Former Most Outstanding Rookie Frank Cutolo: ‘I wish I would’ve stayed longer’

Photo courtesy: Scott Grant/

Everybody likes a one-hit wonder.

Gnarls Barkley. Chumbawamba. Gotye. A-ha. The Lumineers. Soft Cell.

It takes a special band to produce a smash hit song, even if they’re not able to recreate its success.

It’s not entirely fair to call Frank Cutolo a one-hit wonder, but the retired receiver is pretty close to being one.

The five-foot-ten, 187-pound pass catcher had a sensational rookie season with the B.C. Lions in 2003, making 64 receptions for 908 yards and eight touchdowns. If that wasn’t enough, the speedster also recorded 100 returns — 60 kickoffs, 33 punts, and seven missed field goals — for 1,424 yards and one major.

Cutolo’s performance was so spectacular that he was named the CFL’s Most Outstanding Rookie, becoming the fifth member of the Lions to win the award in six years. The previous year’s winner was star Canadian slotback Jason Clermont, while the following year’s winner was Nik Lewis, who retired in 2018 as the league’s all-time receptions leader with 1,059.

Cutolo wasn’t surprised by his immediate success in the CFL. His team had a powerhouse offence that was perfectly suited to maximize his skill set.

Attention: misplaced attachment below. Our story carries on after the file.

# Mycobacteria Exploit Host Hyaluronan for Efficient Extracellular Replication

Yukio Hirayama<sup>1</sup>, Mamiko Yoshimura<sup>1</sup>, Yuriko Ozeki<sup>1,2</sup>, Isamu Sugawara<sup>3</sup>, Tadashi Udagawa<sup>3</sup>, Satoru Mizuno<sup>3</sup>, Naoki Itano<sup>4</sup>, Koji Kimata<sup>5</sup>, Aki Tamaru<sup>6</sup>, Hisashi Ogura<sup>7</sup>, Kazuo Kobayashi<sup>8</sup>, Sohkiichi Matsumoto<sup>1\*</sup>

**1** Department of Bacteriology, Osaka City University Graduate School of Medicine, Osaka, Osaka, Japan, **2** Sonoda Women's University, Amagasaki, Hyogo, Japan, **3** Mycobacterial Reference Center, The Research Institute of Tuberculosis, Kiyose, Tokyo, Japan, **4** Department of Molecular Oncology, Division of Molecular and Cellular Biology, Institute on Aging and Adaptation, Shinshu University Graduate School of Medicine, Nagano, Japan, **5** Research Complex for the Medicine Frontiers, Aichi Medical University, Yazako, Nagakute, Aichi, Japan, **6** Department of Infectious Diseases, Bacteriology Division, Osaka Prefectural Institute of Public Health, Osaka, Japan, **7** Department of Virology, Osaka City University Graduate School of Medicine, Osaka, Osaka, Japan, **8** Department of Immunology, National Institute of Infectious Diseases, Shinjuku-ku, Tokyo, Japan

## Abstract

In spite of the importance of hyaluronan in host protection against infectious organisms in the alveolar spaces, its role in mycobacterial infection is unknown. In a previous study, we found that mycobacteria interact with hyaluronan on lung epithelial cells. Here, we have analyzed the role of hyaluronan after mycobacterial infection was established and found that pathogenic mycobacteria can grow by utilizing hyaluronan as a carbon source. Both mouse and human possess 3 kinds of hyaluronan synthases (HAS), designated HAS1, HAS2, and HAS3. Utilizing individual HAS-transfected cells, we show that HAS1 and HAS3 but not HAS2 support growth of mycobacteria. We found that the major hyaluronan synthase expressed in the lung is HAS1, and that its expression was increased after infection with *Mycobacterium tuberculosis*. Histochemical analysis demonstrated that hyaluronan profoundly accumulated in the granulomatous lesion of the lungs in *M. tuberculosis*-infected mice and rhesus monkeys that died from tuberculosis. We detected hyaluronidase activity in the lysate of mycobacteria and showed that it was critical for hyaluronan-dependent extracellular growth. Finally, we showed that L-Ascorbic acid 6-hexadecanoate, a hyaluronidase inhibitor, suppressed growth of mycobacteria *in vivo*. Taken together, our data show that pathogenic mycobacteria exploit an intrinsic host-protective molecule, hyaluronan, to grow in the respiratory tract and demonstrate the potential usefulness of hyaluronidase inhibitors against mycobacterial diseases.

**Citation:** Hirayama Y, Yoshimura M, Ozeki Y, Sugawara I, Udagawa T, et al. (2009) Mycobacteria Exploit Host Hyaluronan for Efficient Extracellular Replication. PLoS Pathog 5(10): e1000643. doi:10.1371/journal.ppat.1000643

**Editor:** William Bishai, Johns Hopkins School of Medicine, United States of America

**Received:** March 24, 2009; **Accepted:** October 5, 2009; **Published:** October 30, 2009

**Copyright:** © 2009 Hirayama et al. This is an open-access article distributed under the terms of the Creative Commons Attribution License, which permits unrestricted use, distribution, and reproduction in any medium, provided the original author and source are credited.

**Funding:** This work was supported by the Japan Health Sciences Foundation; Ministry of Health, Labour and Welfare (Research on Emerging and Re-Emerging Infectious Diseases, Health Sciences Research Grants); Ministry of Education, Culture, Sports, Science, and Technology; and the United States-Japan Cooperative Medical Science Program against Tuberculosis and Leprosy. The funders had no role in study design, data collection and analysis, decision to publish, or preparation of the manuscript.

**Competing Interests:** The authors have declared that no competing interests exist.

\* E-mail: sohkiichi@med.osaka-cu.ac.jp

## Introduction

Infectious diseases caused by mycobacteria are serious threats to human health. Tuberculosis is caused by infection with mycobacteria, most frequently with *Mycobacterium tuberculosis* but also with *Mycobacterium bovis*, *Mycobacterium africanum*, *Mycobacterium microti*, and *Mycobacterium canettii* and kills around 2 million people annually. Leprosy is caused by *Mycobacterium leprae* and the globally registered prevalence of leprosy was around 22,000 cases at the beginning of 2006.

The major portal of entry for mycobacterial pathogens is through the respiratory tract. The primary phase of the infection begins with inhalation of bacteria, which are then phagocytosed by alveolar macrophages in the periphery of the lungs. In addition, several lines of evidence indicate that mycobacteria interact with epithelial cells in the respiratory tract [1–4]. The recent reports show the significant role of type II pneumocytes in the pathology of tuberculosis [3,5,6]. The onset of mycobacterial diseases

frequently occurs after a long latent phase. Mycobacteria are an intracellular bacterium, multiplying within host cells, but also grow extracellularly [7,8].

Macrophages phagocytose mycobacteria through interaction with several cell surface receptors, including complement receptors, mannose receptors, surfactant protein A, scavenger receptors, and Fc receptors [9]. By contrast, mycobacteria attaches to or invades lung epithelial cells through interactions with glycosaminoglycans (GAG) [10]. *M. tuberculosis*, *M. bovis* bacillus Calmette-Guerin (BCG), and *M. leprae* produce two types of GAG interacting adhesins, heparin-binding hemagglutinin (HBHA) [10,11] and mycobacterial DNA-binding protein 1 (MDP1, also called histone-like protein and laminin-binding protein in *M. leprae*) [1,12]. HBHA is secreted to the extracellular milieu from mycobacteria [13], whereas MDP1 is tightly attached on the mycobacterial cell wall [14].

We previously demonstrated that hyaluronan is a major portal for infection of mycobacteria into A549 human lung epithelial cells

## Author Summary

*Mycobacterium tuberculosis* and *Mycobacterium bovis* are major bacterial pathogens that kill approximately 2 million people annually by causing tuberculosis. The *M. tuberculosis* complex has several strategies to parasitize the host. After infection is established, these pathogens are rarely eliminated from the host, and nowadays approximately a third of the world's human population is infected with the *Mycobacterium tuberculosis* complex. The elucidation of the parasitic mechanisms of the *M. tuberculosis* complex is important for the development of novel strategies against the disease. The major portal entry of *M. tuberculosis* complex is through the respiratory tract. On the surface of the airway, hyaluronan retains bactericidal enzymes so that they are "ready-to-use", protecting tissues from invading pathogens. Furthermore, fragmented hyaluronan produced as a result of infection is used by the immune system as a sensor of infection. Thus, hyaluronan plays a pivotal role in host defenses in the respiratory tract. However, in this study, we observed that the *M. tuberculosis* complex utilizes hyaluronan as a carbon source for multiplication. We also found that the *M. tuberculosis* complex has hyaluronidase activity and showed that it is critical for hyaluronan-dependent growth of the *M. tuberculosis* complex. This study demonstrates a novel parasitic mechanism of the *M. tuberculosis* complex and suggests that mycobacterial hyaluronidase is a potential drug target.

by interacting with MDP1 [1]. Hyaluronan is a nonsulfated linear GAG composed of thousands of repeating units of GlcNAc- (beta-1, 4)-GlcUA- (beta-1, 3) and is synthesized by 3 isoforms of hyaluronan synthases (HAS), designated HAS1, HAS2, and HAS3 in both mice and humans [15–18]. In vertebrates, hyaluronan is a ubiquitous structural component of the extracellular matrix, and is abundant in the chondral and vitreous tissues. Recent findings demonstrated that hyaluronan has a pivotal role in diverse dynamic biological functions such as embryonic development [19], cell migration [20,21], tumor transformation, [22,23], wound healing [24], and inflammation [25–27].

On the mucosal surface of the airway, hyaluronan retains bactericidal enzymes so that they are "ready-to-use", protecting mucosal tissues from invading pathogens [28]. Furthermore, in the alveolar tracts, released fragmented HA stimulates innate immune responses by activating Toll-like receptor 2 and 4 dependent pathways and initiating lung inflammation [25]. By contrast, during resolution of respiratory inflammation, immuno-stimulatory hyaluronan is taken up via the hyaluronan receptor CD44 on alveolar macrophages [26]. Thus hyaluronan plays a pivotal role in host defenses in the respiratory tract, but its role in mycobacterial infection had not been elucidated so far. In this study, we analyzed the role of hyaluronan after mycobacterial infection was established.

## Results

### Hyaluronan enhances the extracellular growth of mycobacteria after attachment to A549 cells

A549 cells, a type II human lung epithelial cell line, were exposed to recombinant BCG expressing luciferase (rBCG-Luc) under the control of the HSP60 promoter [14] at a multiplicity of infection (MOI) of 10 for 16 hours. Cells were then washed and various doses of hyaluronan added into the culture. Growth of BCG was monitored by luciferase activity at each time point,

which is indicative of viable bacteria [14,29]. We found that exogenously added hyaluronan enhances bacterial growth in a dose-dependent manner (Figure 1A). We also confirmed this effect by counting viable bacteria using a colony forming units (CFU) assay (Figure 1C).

“I walked into a great situation,” said Cutolo in an interview with 3DownNation. “We had the great Dave Dickenson who was one of the best guys probably on the planet. Just an all-around good person. He made it a lot easier for me in my first year.”

Cutolo was used to playing with an elite passer. His quarterback at Eastern Illinois University was Tony Romo, who went on to become a Pro Bowl-calibre QB with the Dallas Cowboys.

“The receiving corps (in B.C.) was awesome,” said Cutolo. “I loved our receiving corps. You couldn’t play with a much better receiving corps. Jason Clermont, Ryan Thelwell, the great Geroy Simon, Chris Brazzell. That also made it a pretty easy transition into the CFL.”

Cutolo narrowly missed out on reaching the 1,000-yard mark as a rookie, which didn’t bother him. What stings more is how close the Lions came to capturing a Grey Cup in 2004, losing the the underdog Toronto Argonauts by a score of 27-19.

“I never looked at the game as playing it for certain (individual) goals like that. It was just go out there and compete and play hard and talk s*** and do your best. That was the way I looked at it.”

Cutolo had a relatively strong sophomore season, making 47 receptions for 786 yards and nine touchdowns. His return numbers were down, however, as it was starting to become clear that the young receiver was taking too many hits.

“He was a young guy, not big, a rookie that we beat to death,” head coach Wally Buono told the Vancouver Sun regarding Cutolo’s massive workload. “Sometimes you don’t do things as smart as you should.”

The wear and tear on Cutolo’s body was the primary reason why his career fizzled out with the Lions. Despite coming off two strong seasons, B.C. released the receiver during the pre-season in 2005.